Satellite Servicing Demonstration

The Hubble Servicing Project goes to work
on other Satellites
(Page 4)

Page 3 is here.

During the last week of April 2011, we installed the last two tools into RRM.  They were
still being built at Goddard when we shipped the main payload.  Again, here we
are in the High Bay of the SSPF.

One visitor during this week was William Gerstenmaier, Associate Administrator for Space Operations.  He is in charge of manned space flight, which includes Space Station and Shuttle.  He spent a long time with us as he was quite interested in our mission.

The final photo of the RRM in its complete flight form.

While we were in Florida for the late tool install above, we were expected to
see the final launch of  Endeavour on April 29, 2011.
This one was crewed by Mark Kelly, who is the husband of Gabriel Giffords. 
We were all very excited and glad to be able to catch this launch.

On launch day, we saw the astronaut crew exit their quarters and board the Astrovan to head to the launch pad.

20 Minutes after the above picture was taken, and while we were heading to our viewing location at the VAB, the launch was scrubbed due to a possible short in the heater power supply for the Auxiliary Power Unit.  We would leave Florida without seeing the launch.  Oh well, we will be back for the final one in July 2011.

On May 22 2011, we transferred from the LMC stand into the Canister.

In the above image, we are transferring our carrier and RRM from the stand into the Canister.  This is the vehicle that transports our hardware to the launch pad.
Compare with this image from the HOST mission in 1998.

On June 1 2011, Endeavour made its last landing.  One of my colleagues
(Dave Parker) snapped this image at KSC Headquarters showing
the Endeavour flag flying upside down.  Per our understanding,
this follows an old naval tradition for a final sailing of a ship.

Comic strip I found on Satellite Servicing.

On June 24 2011, I went to the launch pad for the final time to
perform the Interface Verification Test (IVT).  This is our final
verification  of the power connections between the Orbiter
and our RRM hardware.

In this image, the entire Orbiter is covered with the Rotating Service Structure,
and the Payload Changeout Room (PCR).  This room allows access to
the Cargo Bay of the Orbiter.  Compare to this image.

This was part of the team that performed the IVT on all the hardware
in the Cargo Bay.  The site is on the Mobile Launch Platform on
the side of the External Tank (ET).  Photo by Tom Erdman.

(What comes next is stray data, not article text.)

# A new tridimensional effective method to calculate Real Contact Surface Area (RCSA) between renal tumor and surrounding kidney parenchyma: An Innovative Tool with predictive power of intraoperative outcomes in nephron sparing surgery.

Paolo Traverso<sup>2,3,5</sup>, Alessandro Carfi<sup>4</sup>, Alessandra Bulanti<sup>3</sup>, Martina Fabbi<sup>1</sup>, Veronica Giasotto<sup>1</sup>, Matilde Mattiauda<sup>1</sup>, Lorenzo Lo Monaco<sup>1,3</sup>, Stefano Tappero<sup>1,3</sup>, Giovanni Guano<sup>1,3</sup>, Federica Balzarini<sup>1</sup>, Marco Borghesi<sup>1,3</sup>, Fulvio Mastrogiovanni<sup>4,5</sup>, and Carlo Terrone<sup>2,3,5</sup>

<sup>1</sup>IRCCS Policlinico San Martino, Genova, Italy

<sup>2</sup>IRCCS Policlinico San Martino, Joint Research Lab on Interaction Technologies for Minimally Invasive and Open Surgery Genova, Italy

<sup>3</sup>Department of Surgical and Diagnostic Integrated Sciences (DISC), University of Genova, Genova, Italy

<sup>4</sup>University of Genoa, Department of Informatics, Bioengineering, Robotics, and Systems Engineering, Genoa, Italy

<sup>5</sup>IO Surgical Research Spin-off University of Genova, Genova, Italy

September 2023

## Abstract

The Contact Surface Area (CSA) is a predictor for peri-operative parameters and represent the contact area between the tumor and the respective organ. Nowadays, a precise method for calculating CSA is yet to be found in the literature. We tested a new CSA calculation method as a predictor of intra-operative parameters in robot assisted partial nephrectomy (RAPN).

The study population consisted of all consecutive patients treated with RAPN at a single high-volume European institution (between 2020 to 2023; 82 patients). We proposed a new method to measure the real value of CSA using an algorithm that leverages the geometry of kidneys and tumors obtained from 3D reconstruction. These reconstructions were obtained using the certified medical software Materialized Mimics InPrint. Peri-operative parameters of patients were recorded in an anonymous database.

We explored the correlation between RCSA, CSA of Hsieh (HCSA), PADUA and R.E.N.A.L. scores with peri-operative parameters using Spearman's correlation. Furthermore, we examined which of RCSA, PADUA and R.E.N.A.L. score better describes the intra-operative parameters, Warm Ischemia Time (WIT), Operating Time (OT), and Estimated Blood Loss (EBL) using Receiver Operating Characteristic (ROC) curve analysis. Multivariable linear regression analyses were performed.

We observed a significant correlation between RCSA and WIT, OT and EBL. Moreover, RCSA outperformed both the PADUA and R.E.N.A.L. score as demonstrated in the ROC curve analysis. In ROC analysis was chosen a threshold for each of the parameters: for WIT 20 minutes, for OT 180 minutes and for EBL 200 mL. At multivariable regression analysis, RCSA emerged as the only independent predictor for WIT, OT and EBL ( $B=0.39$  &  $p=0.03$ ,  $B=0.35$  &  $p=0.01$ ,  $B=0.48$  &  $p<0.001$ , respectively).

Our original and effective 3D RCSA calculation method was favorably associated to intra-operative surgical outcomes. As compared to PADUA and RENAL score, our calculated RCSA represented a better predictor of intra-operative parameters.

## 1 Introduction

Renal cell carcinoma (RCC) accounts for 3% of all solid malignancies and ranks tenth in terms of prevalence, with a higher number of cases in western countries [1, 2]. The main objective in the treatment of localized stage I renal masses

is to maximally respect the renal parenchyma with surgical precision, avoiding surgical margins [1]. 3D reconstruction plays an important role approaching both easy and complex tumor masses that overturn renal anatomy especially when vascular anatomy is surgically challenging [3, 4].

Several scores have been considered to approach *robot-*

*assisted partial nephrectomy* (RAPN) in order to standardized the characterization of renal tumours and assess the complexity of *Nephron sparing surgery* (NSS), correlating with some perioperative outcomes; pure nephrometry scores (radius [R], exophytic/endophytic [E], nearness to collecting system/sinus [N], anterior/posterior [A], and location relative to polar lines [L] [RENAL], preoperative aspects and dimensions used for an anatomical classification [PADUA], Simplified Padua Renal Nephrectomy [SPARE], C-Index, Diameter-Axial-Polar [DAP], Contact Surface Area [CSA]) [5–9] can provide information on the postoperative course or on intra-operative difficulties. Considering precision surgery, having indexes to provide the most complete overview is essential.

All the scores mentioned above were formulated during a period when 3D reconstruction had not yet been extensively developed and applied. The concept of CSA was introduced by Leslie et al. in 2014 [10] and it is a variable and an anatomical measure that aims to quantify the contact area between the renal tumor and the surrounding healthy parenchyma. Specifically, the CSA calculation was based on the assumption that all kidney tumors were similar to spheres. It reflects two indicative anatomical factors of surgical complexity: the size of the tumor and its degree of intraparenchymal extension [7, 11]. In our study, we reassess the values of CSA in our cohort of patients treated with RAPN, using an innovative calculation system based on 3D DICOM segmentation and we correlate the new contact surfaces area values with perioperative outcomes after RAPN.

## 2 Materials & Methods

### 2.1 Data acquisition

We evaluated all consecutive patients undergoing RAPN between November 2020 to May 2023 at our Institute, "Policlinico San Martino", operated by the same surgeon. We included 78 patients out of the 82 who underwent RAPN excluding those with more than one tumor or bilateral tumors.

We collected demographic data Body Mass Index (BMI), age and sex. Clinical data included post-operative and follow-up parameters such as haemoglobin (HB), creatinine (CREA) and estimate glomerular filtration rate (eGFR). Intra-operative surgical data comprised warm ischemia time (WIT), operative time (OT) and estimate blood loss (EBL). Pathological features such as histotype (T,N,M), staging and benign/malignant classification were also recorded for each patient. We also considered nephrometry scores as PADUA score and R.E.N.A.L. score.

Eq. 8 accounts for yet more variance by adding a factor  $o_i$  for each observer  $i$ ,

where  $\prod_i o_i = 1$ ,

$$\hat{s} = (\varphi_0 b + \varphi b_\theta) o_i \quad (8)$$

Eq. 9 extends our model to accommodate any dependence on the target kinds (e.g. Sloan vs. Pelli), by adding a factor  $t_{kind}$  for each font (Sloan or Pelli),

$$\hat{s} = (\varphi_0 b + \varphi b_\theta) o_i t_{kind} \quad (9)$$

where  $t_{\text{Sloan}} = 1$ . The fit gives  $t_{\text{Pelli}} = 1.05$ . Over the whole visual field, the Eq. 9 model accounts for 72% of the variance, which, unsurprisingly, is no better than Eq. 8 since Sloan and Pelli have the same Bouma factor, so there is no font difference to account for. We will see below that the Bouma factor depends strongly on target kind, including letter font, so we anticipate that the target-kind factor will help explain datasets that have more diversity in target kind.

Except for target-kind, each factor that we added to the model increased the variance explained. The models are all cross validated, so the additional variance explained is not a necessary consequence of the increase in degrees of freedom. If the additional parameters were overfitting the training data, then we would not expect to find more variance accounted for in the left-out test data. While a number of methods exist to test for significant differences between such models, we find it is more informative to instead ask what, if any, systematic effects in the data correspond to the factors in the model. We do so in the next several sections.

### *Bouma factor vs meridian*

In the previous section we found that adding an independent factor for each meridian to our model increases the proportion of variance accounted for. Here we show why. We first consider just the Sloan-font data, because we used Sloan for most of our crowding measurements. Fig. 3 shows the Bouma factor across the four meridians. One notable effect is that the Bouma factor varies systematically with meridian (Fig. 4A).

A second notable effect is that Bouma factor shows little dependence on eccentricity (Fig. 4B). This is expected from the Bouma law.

This is the hatch opening with the traditional bag with the Orbiter name
on the hatch (Atlantis), and the logo of the mission on the seat platform.

Inside the Payload Changeout Room, which covers the Cargo Bay.  This is in
front of the open Port Side door.  You can see the very end of the Shuttle
robot arm on the right hand side (white and black).

The RRM is on the LMC carrier, and is 'underneath' the plate for the failed
Ammonia pump module.  This module will be retrieved from the Space Station,
and brought back to the ground.  Unfortunately, it means our hardware
is not readily visible.

This is at the top of the PCR, where the airlock for the Shuttle is located.  The top
part is the wall of the crew cabin, and the red round curve is the rain gutter that keeps
the PCR dry during heavy storms.  The black disk in the middle is the high-gain
satellite antenna for high-speed data and video downlink.  The large silver
panel in the back is the starboard Cargo Bay Door.

To access the various parts of the Orbiter, platforms are setup, and some of these
do not have fences.  In this case, you must wear a harness, and be tethered
to a reel.  If you fall, and the reel feels the line pulling out quickly,
it will lock to save you (and the flight hardware).  All tools need to
be tethered with a lanyard.

This being the last Shuttle flow, they allowed the team members to
sign the walls of the room.  This was a great priviledge to
add a memory to this historic room and flight.

Close-up of what I wrote.

A sad moment.  My last picture up close to a working Space Shuttle.  Farewell Atlantis and
God Speed.  Working with the Shuttle for 20 years has been incredibly rewarding.
6/24/2011 at noon.

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